drone advertisement
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If you don’t know that hundreds of illuminated drones filling the sky in a programmed pattern is a new advertising thing, seeing it for the first time can be a bit jarring.

That was the case several months ago when I noticed a seemingly heavenly figure lighting up the sky over Austin during the South by Southwest festival. Since I had no idea yet that this form of advertising existed, my head turned back and forth like a dog with no idea what’s going on.

It didn’t look like an alien invasion, it wasn’t some sort of sentient fireworks show, and I was pretty sure these figures were not birds from the future. But that last one was a pretty good guess, I think.

After standing there staring all night until a meter maid attached a wheel clamp to my leg, it soon became evident these demons in the sky could only be drones. Who knew they’d become so advanced and could work together like synchronized swimmers? I just assumed they were merely a lazy gift you get your nephew.

No Flipping

Master Chief protecting Austin. Chason Gordon

Anyone living in a major city may have seen these drones blocking the stars and raining down advertisements on their defenseless eyes.

Recently the Candy Crush mobile game used 500 of them to get the word over New York City, the NBA did the same in June of last year to advertise the draft (who cares about the draft?), and Genesis, the Hyundai-owned car brand, broke records by flying 3,281 drones over Shanghai in March 2021.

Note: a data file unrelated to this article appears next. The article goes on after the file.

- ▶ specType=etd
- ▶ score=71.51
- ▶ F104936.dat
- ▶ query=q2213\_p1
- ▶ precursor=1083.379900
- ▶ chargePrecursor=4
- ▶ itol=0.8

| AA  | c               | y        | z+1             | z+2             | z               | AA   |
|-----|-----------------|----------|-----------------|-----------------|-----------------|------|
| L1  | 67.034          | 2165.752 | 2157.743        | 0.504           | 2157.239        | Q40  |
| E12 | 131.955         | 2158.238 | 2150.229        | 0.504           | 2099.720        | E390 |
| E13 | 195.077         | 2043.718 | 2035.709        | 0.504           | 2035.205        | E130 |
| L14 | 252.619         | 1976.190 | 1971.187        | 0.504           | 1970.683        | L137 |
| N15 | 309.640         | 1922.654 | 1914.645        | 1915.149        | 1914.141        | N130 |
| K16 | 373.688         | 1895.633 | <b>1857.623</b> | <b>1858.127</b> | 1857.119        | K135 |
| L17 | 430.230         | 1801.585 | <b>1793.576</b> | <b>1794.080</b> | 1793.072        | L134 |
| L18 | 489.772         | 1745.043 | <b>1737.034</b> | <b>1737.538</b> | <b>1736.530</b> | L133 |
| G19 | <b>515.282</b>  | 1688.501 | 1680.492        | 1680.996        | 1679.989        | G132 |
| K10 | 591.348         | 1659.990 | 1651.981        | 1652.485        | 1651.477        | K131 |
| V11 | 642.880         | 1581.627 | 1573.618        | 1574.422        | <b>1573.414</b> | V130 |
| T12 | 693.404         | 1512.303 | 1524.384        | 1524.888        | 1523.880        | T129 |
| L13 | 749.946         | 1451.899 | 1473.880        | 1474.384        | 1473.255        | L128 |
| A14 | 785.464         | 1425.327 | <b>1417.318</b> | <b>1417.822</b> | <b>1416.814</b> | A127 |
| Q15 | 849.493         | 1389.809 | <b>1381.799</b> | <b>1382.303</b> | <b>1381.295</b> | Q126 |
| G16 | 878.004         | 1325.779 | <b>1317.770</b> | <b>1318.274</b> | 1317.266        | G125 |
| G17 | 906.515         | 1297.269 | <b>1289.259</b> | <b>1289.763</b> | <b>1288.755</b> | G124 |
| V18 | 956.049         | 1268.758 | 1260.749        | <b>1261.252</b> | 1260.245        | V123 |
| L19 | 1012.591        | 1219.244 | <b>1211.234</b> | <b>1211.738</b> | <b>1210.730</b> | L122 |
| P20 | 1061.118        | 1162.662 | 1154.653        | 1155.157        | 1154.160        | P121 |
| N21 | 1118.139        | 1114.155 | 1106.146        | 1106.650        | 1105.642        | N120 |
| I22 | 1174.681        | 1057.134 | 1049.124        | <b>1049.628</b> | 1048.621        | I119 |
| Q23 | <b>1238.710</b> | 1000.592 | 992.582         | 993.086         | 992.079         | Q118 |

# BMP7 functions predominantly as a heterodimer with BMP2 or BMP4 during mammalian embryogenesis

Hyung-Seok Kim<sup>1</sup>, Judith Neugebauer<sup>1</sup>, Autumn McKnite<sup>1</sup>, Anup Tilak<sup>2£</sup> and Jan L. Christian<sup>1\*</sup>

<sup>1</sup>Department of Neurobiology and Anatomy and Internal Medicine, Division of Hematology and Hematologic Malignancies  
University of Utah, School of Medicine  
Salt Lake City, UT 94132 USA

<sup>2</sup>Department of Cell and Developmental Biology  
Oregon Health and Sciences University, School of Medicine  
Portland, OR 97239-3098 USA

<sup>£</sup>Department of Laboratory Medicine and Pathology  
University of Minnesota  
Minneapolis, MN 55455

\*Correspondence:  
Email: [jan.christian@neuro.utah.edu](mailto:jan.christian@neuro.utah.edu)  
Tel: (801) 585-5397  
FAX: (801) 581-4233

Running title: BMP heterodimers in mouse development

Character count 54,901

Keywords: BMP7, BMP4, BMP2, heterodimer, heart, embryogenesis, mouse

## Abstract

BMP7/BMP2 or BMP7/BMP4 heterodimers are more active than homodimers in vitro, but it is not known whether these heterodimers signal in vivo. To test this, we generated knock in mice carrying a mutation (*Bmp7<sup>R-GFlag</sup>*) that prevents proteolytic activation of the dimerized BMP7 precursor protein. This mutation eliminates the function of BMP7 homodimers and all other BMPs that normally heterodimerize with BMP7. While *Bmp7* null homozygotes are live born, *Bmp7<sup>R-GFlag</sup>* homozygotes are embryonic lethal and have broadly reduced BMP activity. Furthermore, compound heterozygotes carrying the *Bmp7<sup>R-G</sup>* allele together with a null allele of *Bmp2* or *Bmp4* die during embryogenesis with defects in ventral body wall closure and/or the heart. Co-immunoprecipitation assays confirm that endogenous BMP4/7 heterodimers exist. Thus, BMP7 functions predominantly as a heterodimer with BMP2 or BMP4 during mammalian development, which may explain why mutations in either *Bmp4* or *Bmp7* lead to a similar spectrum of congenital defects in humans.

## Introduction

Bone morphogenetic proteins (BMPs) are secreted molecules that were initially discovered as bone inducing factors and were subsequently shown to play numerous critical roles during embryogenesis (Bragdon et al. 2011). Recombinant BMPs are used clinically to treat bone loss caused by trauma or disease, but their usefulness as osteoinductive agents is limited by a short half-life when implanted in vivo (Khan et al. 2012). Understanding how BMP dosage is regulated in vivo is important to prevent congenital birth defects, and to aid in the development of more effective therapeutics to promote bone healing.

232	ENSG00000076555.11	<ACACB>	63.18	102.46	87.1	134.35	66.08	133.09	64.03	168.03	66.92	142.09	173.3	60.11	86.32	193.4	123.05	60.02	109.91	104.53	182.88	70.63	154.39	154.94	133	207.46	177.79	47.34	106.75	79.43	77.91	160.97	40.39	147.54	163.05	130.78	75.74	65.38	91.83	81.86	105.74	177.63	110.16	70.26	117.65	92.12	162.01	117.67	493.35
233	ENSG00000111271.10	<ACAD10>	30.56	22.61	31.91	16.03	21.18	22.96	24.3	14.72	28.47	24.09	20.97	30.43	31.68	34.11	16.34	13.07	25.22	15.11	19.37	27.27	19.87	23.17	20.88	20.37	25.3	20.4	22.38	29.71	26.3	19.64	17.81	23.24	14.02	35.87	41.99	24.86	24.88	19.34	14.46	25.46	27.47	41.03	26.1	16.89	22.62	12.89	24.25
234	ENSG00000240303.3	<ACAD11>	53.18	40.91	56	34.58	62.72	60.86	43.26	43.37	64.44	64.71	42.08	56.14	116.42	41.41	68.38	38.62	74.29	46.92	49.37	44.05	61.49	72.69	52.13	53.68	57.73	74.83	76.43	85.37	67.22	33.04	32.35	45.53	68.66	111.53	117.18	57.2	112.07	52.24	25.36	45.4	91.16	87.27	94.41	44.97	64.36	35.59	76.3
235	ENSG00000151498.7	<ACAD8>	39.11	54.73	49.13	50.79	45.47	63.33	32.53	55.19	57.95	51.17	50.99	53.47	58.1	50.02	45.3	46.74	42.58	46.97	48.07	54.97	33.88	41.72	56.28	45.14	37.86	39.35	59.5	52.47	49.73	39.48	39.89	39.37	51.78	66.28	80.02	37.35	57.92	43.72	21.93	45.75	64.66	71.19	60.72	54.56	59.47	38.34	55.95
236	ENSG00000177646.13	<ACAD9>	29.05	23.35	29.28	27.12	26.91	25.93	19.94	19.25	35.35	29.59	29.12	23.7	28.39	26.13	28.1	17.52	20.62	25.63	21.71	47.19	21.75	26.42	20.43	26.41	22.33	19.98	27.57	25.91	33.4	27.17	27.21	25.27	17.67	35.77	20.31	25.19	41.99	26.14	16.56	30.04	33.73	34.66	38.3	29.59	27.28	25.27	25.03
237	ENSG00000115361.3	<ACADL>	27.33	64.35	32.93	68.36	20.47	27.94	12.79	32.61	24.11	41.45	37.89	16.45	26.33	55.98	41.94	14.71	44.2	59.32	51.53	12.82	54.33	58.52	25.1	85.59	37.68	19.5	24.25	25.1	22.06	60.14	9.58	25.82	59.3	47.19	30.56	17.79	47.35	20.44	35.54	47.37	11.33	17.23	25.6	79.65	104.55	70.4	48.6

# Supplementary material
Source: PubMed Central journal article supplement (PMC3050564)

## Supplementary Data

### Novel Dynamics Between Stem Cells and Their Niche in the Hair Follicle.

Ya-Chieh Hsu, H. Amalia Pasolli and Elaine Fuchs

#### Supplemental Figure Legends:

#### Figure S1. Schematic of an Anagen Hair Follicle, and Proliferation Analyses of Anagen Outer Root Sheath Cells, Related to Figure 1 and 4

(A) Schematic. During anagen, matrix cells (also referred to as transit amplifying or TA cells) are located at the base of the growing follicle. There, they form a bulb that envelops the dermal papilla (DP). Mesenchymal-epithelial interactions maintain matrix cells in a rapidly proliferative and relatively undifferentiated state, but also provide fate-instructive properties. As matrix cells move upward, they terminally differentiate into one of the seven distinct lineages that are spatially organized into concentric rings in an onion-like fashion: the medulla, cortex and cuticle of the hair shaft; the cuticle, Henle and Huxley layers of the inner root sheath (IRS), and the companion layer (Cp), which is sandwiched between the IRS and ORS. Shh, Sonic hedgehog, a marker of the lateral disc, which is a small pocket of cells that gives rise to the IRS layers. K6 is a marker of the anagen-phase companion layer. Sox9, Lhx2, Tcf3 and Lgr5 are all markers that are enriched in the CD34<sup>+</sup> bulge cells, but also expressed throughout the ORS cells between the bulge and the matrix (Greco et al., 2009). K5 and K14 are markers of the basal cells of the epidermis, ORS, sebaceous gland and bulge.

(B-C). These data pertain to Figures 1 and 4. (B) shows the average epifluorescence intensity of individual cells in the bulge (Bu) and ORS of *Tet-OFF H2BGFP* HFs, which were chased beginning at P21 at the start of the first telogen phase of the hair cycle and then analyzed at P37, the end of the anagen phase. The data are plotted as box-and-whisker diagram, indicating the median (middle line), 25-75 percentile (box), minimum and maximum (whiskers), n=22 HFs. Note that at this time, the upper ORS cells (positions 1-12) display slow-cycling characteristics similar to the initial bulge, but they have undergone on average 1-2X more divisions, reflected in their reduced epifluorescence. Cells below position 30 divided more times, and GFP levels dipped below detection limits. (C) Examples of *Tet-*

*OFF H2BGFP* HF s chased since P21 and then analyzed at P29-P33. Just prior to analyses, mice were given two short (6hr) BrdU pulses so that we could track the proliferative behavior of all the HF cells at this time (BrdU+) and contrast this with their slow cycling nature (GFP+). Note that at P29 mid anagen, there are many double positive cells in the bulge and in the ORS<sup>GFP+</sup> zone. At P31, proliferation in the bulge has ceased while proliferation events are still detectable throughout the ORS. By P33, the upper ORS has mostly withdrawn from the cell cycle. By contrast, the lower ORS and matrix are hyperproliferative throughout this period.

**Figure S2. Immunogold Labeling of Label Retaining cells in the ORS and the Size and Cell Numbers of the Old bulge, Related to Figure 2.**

Perhaps the most common image that hundreds of drones form in the sky is the most unoriginal of them all: the QR code, which observers can scan with their phone to find out more about whatever is being advertised. This, unfortunately, will probably be how aliens learn we exist: by scanning a QR code and learning about some new series on the WB network.

It seems like in an age of ad blockers and over-saturation of media, advertisers are trying to reach consumers in ways difficult to ignore, whether it’s something advanced like drone billboards or something basic like those annoying ads that automatically play when you’re pumping gas.

Both Cool and Annoying

Obviously, it’s a bit cool to look at, but more obviously, it could be seen as totally egregious. Maybe it depends on your mood that day. There are blatant concerns regarding light pollution, and the New York City Audubon group is additionally worried that such elaborate drone shows could put synchronized bird shows out of business.

Ok, that’s not what they said–it had something to do with interfering with bird flight patterns. One can imagine these drones easily sending the birds off course, especially if they thought the drones were lining up for some massive Braveheart-like battle in the sky. There are regulations around such things, which is why that Candy Crush show was actually launched from New Jersey, where it’s legal.

What’s depressing is that advertisers will continue trying elaborate ways to force their slogans and logos into our corneas, each successive method harder to ignore than the last. We will see ads in the sky and on the moon and feel an itch on our leg and realize it’s somehow a promoted Tweet for Dove or something.

Perhaps, and just hear me out, if we stop ignoring basic ads on TV and the internet, brands wouldn’t make such invasive moves to advertise their products.

Just kidding, they’ll do it regardless.

Profile Photo for Chason Gordon Chason Gordon
Chason Gordon is a former staff writer and editor for How-To Geek. His writing has previously appeared in Slate, Vice, Input, and The Globe and Mail, among other publications.
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